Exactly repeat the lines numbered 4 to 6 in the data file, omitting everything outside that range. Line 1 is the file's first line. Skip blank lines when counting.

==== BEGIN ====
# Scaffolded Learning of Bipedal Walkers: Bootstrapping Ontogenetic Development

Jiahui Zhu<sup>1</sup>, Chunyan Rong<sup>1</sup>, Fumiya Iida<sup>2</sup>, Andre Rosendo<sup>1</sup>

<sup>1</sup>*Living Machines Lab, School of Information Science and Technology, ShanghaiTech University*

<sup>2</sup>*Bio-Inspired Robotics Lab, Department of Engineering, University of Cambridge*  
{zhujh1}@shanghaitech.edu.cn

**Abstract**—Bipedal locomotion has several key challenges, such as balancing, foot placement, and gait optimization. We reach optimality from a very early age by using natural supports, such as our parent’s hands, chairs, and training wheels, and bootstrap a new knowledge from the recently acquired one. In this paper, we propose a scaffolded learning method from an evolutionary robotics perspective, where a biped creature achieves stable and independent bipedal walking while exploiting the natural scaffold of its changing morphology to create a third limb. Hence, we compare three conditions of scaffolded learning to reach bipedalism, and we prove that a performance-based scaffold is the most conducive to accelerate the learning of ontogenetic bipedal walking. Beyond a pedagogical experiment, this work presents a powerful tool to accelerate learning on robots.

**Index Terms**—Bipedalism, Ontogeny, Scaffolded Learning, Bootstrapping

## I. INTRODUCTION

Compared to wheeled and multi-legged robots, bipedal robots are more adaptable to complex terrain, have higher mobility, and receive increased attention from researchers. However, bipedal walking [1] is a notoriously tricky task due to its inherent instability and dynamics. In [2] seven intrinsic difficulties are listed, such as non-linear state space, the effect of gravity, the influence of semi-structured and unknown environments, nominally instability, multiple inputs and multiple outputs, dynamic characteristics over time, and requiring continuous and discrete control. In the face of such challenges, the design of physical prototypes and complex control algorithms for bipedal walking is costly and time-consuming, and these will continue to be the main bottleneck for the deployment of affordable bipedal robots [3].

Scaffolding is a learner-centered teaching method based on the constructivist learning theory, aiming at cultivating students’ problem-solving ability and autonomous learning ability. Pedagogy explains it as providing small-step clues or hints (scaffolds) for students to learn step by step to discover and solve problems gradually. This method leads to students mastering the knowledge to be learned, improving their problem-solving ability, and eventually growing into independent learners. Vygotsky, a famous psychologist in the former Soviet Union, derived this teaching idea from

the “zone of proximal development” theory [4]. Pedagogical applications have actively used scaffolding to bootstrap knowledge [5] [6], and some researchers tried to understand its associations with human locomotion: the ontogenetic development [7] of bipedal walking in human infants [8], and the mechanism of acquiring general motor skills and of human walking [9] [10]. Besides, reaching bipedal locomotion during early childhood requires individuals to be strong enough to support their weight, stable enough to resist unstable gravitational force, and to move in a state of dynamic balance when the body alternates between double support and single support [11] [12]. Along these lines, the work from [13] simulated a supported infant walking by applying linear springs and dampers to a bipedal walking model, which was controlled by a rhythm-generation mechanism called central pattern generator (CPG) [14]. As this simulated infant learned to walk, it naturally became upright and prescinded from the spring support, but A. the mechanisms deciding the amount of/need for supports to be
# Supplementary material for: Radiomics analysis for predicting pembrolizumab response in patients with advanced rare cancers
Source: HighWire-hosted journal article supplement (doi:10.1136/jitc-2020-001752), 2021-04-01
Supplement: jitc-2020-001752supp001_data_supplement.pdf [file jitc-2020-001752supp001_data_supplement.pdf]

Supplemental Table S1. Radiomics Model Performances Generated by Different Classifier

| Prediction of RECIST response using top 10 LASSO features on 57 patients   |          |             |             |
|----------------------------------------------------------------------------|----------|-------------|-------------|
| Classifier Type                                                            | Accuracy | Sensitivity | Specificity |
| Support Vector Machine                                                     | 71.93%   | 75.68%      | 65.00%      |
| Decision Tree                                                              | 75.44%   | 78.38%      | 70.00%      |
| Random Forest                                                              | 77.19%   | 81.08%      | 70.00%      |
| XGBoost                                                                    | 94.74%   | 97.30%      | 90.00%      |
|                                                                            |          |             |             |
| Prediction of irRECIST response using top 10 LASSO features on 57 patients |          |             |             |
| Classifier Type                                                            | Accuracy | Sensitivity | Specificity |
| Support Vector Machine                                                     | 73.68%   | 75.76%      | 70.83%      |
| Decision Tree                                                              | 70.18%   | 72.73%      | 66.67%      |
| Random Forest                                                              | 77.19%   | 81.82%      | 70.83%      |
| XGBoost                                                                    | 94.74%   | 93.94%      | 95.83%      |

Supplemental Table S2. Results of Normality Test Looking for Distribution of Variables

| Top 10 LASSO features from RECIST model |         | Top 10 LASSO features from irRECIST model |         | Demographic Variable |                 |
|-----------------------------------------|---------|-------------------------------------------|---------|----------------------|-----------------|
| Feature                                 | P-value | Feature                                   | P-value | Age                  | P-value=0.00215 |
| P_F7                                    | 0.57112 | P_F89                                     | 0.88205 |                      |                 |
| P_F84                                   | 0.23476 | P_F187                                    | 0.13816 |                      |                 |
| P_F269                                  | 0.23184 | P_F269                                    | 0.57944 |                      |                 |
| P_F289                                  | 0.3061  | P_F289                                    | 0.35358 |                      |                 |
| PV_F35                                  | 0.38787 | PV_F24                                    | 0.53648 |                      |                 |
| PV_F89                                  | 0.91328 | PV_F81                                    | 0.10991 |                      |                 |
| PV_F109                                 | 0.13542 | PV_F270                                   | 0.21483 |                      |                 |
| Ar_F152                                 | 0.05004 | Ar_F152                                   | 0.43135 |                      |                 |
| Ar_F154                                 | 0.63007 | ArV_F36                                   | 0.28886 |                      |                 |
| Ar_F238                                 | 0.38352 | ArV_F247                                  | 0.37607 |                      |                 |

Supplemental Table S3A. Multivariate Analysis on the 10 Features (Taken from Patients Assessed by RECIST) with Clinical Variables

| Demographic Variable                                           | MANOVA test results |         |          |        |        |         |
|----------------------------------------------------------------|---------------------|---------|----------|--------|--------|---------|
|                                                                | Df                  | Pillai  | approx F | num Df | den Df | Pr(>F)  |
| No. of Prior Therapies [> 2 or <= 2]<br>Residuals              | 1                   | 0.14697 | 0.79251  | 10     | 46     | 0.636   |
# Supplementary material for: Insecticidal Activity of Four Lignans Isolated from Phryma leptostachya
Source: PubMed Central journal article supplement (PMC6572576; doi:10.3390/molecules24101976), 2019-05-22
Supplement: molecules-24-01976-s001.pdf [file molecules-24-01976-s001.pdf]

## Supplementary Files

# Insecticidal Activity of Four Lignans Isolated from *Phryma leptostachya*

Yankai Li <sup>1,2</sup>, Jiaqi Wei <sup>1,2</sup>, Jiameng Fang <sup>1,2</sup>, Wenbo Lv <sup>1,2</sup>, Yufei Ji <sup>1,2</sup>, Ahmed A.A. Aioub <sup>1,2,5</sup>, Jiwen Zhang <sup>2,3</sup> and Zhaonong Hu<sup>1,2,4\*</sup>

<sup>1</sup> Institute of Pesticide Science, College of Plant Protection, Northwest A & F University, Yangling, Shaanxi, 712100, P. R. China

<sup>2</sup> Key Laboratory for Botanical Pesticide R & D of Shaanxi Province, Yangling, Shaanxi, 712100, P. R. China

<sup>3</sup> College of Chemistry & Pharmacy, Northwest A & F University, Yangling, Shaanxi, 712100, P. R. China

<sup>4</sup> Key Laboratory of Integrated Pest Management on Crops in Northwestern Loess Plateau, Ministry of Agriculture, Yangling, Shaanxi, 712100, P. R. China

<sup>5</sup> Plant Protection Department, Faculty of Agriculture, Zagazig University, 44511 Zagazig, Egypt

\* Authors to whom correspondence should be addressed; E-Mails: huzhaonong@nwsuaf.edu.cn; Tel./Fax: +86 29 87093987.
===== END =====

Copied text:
<sup>2</sup>*Bio-Inspired Robotics Lab, Department of Engineering, University of Cambridge*  
{zhujh1}@shanghaitech.edu.cn

**Abstract**—Bipedal locomotion has several key challenges, such as balancing, foot placement, and gait optimization. We reach optimality from a very early age by using natural supports, such as our parent’s hands, chairs, and training wheels, and bootstrap a new knowledge from the recently acquired one. In this paper, we propose a scaffolded learning method from an evolutionary robotics perspective, where a biped creature achieves stable and independent bipedal walking while exploiting the natural scaffold of its changing morphology to create a third limb. Hence, we compare three conditions of scaffolded learning to reach bipedalism, and we prove that a performance-based scaffold is the most conducive to accelerate the learning of ontogenetic bipedal walking. Beyond a pedagogical experiment, this work presents a powerful tool to accelerate learning on robots.